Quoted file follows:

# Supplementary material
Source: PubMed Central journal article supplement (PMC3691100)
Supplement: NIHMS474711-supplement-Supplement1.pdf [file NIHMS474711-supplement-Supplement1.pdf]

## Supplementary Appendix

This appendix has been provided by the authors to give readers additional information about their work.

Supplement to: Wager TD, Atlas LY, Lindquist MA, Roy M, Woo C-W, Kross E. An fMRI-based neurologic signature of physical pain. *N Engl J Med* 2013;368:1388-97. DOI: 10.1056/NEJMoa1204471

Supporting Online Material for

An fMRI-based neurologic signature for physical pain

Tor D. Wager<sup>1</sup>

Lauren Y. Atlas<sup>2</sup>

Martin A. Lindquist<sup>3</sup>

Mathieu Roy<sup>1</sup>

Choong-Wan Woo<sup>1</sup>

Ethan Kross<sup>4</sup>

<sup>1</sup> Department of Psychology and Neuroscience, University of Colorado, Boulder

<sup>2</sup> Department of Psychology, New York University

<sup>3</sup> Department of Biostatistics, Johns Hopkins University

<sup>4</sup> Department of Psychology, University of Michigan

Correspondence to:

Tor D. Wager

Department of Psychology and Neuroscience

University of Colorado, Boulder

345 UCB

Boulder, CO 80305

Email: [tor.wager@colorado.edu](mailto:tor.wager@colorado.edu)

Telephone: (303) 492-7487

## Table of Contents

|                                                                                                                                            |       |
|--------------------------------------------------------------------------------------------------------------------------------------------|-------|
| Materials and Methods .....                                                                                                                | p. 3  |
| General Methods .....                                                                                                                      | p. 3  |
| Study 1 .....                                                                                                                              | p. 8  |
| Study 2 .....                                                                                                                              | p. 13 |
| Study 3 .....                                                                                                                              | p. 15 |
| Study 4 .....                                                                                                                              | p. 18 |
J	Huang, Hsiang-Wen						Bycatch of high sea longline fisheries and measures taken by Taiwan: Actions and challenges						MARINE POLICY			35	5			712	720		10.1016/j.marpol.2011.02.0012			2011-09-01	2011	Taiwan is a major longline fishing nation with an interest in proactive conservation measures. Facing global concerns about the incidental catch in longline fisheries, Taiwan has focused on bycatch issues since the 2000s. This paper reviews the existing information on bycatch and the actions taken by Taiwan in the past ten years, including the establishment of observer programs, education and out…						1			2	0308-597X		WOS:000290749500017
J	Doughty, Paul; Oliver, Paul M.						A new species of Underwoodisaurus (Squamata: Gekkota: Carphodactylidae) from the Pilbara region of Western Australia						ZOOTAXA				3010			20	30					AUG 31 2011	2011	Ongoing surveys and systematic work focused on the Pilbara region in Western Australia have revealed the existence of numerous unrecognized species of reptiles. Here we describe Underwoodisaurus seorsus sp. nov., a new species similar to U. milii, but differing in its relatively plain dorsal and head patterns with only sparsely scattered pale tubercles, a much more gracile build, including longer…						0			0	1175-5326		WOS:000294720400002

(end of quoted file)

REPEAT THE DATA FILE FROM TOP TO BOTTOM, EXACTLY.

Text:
# Supplementary material
Source: PubMed Central journal article supplement (PMC3691100)
Supplement: NIHMS474711-supplement-Supplement1.pdf [file NIHMS474711-supplement-Supplement1.pdf]

## Supplementary Appendix

This appendix has been provided by the authors to give readers additional information about their work.

Supplement to: Wager TD, Atlas LY, Lindquist MA, Roy M, Woo C-W, Kross E. An fMRI-based neurologic signature of physical pain. *N Engl J Med* 2013;368:1388-97. DOI: 10.1056/NEJMoa1204471

Supporting Online Material for

An fMRI-based neurologic signature for physical pain

Tor D. Wager<sup>1</sup>

Lauren Y. Atlas<sup>2</sup>

Martin A. Lindquist<sup>3</sup>

Mathieu Roy<sup>1</sup>

Choong-Wan Woo<sup>1</sup>

Ethan Kross<sup>4</sup>

<sup>1</sup> Department of Psychology and Neuroscience, University of Colorado, Boulder

<sup>2</sup> Department of Psychology, New York University

<sup>3</sup> Department of Biostatistics, Johns Hopkins University

<sup>4</sup> Department of Psychology, University of Michigan

Correspondence to:

Tor D. Wager

Department of Psychology and Neuroscience

University of Colorado, Boulder

345 UCB

Boulder, CO 80305

Email: [tor.wager@colorado.edu](mailto:tor.wager@colorado.edu)

Telephone: (303) 492-7487

## Table of Contents

|                                                                                                                                            |       |
|--------------------------------------------------------------------------------------------------------------------------------------------|-------|
| Materials and Methods .....                                                                                                                | p. 3  |
| General Methods .....                                                                                                                      | p. 3  |
| Study 1 .....                                                                                                                              | p. 8  |
| Study 2 .....                                                                                                                              | p. 13 |
| Study 3 .....                                                                                                                              | p. 15 |
| Study 4 .....                                                                                                                              | p. 18 |
J	Huang, Hsiang-Wen						Bycatch of high sea longline fisheries and measures taken by Taiwan: Actions and challenges						MARINE POLICY			35	5			712	720		10.1016/j.marpol.2011.02.0012			2011-09-01	2011	Taiwan is a major longline fishing nation with an interest in proactive conservation measures. Facing global concerns about the incidental catch in longline fisheries, Taiwan has focused on bycatch issues since the 2000s. This paper reviews the existing information on bycatch and the actions taken by Taiwan in the past ten years, including the establishment of observer programs, education and out…						1			2	0308-597X		WOS:000290749500017
J	Doughty, Paul; Oliver, Paul M.						A new species of Underwoodisaurus (Squamata: Gekkota: Carphodactylidae) from the Pilbara region of Western Australia						ZOOTAXA				3010			20	30					AUG 31 2011	2011	Ongoing surveys and systematic work focused on the Pilbara region in Western Australia have revealed the existence of numerous unrecognized species of reptiles. Here we describe Underwoodisaurus seorsus sp. nov., a new species similar to U. milii, but differing in its relatively plain dorsal and head patterns with only sparsely scattered pale tubercles, a much more gracile build, including longer…						0			0	1175-5326		WOS:000294720400002